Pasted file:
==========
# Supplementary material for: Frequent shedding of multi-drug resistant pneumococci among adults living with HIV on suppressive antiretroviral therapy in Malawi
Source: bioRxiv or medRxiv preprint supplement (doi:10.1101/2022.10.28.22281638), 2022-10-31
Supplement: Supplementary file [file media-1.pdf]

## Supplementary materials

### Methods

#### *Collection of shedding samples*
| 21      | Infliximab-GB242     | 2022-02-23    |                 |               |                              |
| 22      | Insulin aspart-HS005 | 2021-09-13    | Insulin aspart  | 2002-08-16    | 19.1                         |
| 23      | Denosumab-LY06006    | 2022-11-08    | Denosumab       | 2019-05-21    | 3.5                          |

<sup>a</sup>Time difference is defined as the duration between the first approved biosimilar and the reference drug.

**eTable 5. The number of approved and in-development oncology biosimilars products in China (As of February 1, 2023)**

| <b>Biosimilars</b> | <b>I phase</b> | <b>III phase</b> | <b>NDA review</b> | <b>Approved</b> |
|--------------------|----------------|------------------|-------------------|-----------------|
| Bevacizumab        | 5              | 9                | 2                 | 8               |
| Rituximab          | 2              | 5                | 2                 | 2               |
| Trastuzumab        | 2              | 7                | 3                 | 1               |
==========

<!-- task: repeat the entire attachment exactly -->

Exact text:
# Supplementary material for: Frequent shedding of multi-drug resistant pneumococci among adults living with HIV on suppressive antiretroviral therapy in Malawi
Source: bioRxiv or medRxiv preprint supplement (doi:10.1101/2022.10.28.22281638), 2022-10-31
Supplement: Supplementary file [file media-1.pdf]

## Supplementary materials

### Methods

#### *Collection of shedding samples*
| 21      | Infliximab-GB242     | 2022-02-23    |                 |               |                              |
| 22      | Insulin aspart-HS005 | 2021-09-13    | Insulin aspart  | 2002-08-16    | 19.1                         |
| 23      | Denosumab-LY06006    | 2022-11-08    | Denosumab       | 2019-05-21    | 3.5                          |

<sup>a</sup>Time difference is defined as the duration between the first approved biosimilar and the reference drug.

**eTable 5. The number of approved and in-development oncology biosimilars products in China (As of February 1, 2023)**

| <b>Biosimilars</b> | <b>I phase</b> | <b>III phase</b> | <b>NDA review</b> | <b>Approved</b> |
|--------------------|----------------|------------------|-------------------|-----------------|
| Bevacizumab        | 5              | 9                | 2                 | 8               |
| Rituximab          | 2              | 5                | 2                 | 2               |
| Trastuzumab        | 2              | 7                | 3                 | 1               |